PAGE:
Serotonin-Producing Gut Bacteria in Newborns Shields Against Allergies

Summary: New research highlights the critical role of unique gut bacteria in newborns, producing serotonin to educate immune cells and prevent allergic reactions early in life.

The study reveals that these bacteria encourage the development of T-regulatory cells, crucial for suppressing inappropriate immune responses and preventing autoimmune diseases. This work suggests that before the neonatal gut matures to produce its own neurotransmitters, specific bacteria supply essential serotonin, promoting a balanced immune system.

Such findings underscore the importance of early exposure to beneficial bacteria for preventing allergies and potentially autoimmune diseases later in life.

Key Facts:

  1. Serotonin-Producing Gut Bacteria: Newly born infants’ guts harbor special bacteria that produce serotonin, crucial for developing a healthy immune system by fostering T-regulatory cells.
  2. Prevention of Allergies: This mechanism helps in preventing dangerous allergic reactions to food and beneficial microbes by maintaining a high level of serotonin, which keeps the immune response in check.
  3. Critical Early Development Role: The research emphasizes the significance of the right microbial exposure after birth, suggesting a potential link between reduced diversity in gut bacteria due to modern lifestyles and the rise in food allergies among children in developed countries.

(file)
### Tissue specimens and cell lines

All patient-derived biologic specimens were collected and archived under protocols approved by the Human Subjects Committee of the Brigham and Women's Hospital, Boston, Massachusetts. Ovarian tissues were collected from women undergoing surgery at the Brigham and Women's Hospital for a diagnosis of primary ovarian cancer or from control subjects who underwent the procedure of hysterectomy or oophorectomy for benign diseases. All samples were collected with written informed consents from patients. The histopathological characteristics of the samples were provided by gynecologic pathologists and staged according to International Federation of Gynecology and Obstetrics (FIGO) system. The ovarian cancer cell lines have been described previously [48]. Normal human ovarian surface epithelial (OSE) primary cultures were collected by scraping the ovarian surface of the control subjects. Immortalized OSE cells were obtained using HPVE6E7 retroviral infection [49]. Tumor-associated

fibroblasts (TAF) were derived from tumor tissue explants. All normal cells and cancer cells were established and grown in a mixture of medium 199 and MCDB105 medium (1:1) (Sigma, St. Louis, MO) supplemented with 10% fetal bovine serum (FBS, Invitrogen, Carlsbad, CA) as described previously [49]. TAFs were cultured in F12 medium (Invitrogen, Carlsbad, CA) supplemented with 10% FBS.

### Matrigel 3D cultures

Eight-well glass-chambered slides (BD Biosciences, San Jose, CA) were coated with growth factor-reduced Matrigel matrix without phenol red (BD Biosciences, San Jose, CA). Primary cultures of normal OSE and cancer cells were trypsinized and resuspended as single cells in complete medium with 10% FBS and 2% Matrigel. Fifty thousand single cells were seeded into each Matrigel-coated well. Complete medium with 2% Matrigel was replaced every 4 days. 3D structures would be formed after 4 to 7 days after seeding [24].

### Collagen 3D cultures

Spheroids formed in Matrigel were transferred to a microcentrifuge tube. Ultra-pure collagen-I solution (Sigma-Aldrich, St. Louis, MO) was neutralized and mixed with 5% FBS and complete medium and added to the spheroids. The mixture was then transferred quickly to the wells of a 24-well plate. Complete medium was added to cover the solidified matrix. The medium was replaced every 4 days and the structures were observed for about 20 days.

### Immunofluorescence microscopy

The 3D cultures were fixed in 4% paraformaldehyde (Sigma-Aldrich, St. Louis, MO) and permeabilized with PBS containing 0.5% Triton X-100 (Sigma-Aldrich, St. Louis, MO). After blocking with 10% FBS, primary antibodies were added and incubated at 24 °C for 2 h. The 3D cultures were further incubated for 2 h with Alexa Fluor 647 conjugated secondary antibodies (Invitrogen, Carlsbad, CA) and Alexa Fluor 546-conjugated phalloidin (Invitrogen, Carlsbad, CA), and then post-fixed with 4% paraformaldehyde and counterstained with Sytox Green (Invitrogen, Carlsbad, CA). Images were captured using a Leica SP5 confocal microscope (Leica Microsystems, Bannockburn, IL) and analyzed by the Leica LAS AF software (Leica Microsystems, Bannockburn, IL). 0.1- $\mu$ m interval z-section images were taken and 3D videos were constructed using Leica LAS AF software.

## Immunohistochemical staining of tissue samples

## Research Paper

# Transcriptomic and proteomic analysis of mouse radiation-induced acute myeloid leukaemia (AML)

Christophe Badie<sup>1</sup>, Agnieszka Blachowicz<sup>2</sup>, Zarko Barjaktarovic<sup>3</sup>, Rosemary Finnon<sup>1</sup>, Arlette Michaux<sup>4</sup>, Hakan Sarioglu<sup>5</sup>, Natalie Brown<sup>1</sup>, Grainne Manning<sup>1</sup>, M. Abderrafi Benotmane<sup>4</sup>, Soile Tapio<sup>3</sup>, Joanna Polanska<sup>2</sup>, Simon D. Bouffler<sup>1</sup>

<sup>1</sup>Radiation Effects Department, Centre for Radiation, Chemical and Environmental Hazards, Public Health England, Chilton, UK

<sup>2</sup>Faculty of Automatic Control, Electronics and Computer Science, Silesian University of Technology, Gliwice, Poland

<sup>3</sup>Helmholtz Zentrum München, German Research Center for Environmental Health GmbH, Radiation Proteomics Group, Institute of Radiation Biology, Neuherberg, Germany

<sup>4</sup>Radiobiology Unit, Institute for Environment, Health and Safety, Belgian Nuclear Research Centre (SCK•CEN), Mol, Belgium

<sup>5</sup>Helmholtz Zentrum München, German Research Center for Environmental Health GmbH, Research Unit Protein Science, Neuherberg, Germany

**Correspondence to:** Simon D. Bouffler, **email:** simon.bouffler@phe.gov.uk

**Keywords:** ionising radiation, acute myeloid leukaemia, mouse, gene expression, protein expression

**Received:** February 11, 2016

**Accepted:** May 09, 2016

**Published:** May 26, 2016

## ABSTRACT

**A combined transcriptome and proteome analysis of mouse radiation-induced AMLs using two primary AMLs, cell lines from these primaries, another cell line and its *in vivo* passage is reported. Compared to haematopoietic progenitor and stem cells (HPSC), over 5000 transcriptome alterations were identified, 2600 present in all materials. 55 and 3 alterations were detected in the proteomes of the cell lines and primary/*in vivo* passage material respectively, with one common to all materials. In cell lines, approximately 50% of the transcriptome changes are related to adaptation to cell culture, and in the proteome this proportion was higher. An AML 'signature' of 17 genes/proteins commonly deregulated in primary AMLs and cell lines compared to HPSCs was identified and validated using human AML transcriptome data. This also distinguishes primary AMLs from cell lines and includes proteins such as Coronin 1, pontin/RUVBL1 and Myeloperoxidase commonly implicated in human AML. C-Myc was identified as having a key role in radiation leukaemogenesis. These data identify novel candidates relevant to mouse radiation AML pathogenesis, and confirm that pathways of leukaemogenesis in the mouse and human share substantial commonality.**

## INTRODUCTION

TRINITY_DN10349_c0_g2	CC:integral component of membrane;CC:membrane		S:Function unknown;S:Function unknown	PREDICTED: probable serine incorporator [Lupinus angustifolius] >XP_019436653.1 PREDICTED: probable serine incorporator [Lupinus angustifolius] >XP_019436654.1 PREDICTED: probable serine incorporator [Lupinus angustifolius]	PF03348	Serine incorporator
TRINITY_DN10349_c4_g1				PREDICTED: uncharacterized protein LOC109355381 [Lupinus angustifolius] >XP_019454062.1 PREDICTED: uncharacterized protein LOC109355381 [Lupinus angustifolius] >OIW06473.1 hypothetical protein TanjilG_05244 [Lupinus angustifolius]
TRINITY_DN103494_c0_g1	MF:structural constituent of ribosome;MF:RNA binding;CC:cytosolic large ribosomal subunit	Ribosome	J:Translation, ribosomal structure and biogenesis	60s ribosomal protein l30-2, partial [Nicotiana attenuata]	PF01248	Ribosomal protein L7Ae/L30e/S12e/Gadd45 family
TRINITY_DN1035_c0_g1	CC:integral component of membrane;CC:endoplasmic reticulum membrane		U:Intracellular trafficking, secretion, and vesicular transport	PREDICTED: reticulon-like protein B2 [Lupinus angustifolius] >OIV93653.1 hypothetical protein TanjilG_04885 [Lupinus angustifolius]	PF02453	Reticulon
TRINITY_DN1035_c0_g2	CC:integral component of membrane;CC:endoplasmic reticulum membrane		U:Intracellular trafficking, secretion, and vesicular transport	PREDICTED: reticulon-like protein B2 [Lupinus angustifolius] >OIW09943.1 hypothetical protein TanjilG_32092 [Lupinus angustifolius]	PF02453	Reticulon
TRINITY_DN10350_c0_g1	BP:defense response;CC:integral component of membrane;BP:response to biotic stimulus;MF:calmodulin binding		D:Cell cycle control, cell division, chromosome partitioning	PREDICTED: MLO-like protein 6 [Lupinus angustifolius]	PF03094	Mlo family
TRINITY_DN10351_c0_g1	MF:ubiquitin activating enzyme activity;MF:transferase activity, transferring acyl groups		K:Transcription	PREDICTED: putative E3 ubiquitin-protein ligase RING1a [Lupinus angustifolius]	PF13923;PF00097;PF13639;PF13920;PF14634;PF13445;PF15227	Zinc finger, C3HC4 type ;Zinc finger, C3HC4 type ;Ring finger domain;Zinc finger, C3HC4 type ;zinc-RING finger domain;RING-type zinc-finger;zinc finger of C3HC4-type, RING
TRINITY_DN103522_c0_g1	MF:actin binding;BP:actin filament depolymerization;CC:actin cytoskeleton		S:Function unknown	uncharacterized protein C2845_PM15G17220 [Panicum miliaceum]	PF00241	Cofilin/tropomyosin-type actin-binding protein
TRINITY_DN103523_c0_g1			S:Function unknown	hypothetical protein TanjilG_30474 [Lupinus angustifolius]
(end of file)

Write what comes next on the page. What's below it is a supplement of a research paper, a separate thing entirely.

Source: Weill Cornell University

Weill Cornell Medicine investigators discovered that unique bacteria colonize the gut shortly after birth and make the neurotransmitter serotonin to educate gut immune cells. This prevents allergic reactions to food and the bacteria themselves during early development.

The preclinical study, published in Science Immunology on Mar. 15, showed that bacteria abundant in the guts of newborns produce serotonin, which promotes the development of immune cells called T-regulatory cells or Tregs.

These cells suppress inappropriate immune responses to help prevent autoimmune diseases and dangerous allergic reactions to harmless food items or beneficial gut microbes.

This shows a baby in a field of flowers.
The researchers observed that the neonatal mouse gut had much higher levels of neurotransmitters, including serotonin, than the adult gut. Credit: Neuroscience News

“The gut is now known as the second human brain as it makes over 90 percent of the neurotransmitters in the human body. While neurotransmitters such as serotonin are best known for their roles in brain health, receptors for neurotransmitters are located throughout the human body,” explained the study’s senior author, Dr. Melody Zeng, an assistant professor of immunology in the Gale and Ira Drukier Institute for Children’s Research and the Department of Pediatrics at Weill Cornell Medicine.